The St. Petersburg Times's James Thorner reports an estimate that Florida has lost population for the first time since 1946:
Most economic forecasters expect Florida's population dip to be short-lived. Scott Brown, chief economist for Raymond James Financial in St. Petersburg, sees it as a one-year anomaly. But it's a stunning one in a state that has been so reliant on surging population.
"We used to say the growth industry in Florida has been growth, kind of as a joke," he said.
In a state with no income tax, state and local governments count heavily on migrating retirees to boost revenue and create jobs. In fact, the lack of an income tax is part of the allure.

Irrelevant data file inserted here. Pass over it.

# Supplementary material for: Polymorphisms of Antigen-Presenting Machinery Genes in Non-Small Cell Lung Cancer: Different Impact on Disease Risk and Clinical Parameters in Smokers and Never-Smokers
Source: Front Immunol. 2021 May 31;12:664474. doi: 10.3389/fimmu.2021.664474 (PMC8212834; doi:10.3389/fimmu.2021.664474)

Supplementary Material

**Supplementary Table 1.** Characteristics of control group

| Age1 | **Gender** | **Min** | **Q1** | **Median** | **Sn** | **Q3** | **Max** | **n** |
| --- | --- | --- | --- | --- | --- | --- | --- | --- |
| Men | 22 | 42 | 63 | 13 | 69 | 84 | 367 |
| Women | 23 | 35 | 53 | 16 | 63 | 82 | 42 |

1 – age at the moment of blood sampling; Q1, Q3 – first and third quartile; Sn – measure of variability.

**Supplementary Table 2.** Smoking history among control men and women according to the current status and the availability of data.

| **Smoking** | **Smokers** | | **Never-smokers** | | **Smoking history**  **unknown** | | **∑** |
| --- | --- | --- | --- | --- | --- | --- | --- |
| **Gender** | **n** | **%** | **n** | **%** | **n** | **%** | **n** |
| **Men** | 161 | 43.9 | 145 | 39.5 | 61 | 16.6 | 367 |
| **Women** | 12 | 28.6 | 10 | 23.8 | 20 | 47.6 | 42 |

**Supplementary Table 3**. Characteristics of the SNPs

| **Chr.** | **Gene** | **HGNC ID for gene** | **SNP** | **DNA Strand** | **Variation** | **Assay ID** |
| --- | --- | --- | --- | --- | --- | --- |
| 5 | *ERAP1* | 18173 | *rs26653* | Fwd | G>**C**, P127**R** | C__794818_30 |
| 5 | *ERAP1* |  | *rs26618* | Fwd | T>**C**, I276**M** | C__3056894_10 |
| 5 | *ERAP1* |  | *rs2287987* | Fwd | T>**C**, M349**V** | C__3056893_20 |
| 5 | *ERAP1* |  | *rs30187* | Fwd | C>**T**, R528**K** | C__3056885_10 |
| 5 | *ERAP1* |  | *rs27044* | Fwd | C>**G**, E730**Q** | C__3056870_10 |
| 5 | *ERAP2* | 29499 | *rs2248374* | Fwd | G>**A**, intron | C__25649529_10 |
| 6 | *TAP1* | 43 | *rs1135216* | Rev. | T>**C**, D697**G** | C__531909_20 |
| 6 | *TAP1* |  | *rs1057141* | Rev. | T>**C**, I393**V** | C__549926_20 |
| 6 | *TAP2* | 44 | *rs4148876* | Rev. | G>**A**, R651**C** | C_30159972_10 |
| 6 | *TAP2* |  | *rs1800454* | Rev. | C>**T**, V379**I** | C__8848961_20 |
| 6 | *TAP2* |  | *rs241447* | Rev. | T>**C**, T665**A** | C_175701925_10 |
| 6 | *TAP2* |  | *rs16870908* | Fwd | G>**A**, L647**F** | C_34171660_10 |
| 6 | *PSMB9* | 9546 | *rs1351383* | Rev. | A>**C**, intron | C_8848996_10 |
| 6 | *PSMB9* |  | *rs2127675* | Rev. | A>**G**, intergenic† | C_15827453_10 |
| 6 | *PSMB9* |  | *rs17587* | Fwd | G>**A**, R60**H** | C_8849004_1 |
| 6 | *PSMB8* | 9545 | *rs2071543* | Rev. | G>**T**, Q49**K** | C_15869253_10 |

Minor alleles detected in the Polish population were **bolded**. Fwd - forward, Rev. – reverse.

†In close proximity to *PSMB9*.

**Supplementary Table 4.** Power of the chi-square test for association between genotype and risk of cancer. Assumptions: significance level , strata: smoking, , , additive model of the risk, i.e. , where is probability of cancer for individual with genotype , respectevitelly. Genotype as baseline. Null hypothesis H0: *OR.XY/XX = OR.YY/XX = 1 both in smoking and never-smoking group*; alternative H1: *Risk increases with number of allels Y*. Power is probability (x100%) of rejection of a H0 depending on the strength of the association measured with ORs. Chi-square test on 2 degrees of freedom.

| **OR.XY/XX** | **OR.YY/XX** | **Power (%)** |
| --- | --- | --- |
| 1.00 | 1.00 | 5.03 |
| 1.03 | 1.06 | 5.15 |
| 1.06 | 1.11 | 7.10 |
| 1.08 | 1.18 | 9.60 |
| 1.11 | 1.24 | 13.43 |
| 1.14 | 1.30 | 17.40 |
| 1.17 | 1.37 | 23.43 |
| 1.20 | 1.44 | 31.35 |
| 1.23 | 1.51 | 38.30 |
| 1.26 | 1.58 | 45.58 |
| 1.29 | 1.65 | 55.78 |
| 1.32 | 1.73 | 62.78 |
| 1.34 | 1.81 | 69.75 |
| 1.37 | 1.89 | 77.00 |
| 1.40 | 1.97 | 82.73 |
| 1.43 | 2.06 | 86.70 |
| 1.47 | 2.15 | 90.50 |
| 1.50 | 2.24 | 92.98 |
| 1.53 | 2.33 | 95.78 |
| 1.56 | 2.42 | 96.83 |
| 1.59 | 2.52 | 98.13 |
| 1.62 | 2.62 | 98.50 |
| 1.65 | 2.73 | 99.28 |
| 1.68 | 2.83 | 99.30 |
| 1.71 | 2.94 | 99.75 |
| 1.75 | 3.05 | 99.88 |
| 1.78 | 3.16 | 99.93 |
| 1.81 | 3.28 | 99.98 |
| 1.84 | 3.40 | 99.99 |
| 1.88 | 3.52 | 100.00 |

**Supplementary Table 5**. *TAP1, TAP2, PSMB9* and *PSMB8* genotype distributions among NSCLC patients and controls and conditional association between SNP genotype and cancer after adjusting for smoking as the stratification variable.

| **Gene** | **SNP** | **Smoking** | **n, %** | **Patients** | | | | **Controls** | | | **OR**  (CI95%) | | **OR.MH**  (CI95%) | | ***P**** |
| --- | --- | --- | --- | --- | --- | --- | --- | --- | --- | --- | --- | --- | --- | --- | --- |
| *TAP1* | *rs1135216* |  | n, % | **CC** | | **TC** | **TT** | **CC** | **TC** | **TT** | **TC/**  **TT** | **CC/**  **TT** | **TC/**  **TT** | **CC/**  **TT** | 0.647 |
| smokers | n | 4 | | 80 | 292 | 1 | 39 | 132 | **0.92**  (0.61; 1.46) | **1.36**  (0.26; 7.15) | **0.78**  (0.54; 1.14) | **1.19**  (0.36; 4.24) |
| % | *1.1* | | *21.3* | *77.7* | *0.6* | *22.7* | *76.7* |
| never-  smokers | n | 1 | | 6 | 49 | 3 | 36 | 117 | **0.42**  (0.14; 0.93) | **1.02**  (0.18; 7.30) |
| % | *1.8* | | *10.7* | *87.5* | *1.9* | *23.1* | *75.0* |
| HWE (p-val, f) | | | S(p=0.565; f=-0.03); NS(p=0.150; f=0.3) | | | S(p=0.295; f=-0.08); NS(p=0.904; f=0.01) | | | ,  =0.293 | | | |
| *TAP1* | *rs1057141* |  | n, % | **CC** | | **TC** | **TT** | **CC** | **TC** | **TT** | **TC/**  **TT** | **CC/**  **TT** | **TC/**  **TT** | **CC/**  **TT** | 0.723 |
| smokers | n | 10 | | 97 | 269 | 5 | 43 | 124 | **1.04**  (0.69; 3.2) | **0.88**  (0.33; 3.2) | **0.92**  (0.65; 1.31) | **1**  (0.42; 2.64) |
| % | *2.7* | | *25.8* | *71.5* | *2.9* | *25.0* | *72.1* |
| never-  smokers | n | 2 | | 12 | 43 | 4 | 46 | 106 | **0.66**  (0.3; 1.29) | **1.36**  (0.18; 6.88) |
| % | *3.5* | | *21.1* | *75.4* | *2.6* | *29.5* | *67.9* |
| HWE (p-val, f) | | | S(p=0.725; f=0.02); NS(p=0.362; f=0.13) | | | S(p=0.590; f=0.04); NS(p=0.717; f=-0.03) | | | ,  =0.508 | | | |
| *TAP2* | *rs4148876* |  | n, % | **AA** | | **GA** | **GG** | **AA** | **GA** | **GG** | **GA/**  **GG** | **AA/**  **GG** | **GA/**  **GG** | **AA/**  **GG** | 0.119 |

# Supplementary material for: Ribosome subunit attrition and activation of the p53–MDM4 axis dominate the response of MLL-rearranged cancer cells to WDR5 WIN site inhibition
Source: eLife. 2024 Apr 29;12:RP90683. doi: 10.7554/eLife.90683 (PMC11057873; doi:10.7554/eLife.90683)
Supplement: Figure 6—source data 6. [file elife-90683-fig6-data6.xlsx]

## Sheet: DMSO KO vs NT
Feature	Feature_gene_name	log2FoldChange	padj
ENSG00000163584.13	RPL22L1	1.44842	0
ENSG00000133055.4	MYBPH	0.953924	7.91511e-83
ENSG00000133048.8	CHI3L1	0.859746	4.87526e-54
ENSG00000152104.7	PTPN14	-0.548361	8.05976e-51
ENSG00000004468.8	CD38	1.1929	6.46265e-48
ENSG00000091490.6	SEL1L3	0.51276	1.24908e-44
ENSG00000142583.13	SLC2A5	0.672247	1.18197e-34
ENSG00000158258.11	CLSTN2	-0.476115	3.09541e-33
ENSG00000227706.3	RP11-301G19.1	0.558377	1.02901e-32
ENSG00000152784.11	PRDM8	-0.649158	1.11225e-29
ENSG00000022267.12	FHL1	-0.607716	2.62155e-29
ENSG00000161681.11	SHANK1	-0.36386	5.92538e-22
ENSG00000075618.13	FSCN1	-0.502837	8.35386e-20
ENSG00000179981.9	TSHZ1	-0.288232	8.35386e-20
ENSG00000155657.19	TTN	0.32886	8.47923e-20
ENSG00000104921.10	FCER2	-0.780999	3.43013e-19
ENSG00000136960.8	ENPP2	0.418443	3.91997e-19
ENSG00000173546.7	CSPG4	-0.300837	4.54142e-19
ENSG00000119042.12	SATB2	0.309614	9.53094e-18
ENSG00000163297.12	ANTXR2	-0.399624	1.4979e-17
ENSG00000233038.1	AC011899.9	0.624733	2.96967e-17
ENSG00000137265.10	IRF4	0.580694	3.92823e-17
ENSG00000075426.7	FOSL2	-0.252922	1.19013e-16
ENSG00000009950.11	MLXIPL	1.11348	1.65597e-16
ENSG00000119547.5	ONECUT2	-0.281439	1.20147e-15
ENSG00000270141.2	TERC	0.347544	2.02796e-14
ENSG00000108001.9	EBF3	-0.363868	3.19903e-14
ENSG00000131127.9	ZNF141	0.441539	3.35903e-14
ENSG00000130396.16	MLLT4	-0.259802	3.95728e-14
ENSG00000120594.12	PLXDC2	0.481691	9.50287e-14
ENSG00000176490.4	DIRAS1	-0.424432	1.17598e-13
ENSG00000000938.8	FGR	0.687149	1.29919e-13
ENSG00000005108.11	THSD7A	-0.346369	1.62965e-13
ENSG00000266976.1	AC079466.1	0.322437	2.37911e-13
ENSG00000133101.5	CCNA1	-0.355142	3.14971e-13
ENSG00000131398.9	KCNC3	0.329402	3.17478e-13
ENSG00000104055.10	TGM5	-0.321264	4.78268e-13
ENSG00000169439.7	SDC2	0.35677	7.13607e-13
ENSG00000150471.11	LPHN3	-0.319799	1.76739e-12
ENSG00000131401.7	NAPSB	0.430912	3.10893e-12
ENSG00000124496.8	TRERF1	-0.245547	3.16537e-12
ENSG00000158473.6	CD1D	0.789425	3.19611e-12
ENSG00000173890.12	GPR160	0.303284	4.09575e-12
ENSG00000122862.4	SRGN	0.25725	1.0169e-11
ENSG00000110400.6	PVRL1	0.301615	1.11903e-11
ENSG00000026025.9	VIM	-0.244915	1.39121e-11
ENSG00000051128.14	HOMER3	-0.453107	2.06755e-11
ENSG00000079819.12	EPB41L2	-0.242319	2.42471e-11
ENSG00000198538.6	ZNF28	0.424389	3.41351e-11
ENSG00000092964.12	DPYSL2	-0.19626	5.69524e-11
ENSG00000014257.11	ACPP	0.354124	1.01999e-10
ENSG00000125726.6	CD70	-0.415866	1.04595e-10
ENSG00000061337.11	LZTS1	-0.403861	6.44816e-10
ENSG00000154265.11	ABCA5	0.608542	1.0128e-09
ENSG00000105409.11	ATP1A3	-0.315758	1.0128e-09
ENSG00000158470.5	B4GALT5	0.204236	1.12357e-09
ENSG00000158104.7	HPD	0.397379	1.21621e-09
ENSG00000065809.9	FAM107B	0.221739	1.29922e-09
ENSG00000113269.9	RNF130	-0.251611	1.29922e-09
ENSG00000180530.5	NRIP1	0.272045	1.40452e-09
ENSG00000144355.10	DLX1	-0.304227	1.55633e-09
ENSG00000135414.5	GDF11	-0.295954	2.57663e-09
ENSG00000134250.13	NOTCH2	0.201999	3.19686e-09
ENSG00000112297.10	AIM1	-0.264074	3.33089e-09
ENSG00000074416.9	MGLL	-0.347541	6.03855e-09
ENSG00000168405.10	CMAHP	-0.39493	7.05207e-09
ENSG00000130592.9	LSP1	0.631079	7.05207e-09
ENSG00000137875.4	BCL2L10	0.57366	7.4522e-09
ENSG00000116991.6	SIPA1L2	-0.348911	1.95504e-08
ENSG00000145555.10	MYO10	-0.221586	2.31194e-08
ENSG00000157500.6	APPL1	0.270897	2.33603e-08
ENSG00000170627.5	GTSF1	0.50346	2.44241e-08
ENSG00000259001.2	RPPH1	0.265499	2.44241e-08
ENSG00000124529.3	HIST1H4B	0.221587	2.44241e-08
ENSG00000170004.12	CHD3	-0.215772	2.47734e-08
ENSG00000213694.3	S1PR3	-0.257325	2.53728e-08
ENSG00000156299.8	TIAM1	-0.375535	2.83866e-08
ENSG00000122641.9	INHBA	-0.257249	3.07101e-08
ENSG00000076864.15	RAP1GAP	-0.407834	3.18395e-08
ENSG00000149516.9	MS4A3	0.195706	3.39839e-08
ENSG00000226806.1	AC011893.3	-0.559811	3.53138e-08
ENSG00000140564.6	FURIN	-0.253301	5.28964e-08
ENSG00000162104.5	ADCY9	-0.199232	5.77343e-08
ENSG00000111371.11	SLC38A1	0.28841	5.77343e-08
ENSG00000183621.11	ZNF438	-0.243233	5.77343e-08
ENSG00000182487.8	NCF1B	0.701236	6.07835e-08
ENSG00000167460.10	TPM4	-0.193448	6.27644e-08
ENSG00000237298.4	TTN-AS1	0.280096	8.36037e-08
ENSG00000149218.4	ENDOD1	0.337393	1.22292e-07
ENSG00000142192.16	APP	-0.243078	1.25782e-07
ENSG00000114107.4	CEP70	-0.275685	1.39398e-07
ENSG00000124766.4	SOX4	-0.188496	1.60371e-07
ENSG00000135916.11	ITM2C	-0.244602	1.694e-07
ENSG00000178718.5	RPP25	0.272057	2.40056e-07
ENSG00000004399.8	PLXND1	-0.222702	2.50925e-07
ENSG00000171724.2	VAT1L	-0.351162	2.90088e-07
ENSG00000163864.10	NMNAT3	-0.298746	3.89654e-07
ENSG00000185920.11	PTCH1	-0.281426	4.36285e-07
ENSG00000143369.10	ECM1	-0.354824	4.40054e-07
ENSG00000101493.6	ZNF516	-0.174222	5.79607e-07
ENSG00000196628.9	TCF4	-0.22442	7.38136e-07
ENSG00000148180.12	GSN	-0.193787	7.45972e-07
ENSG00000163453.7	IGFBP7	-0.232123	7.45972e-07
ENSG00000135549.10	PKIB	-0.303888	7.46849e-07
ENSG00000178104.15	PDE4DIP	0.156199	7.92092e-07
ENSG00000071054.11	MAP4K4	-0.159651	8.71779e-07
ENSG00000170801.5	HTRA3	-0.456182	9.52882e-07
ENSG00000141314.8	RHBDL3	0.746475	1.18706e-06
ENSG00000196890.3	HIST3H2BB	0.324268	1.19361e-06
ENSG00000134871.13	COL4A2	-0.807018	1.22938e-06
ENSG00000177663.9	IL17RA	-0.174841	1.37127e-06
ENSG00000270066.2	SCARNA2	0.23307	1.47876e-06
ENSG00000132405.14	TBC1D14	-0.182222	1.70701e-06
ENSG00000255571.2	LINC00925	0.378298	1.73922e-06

The recession-fueled collapse of stock prices last year stopped some of that. Retirees wanting to move to Florida either couldn't sell their homes up north or lacked a mortgage down payment after investment accounts took a pounding.
"That engine shuts off and you wonder where you're going to raise funds. There's no state income tax you can tweak. You can cut, cut and cut till people get fed up," Brown said.
The estimate of a 50,000 drop in population from April 2008 to April 2009 comes from the University of Florida's Bureau of Economic and Business Research, which tracks building permits and the opening/closing of electric company accounts.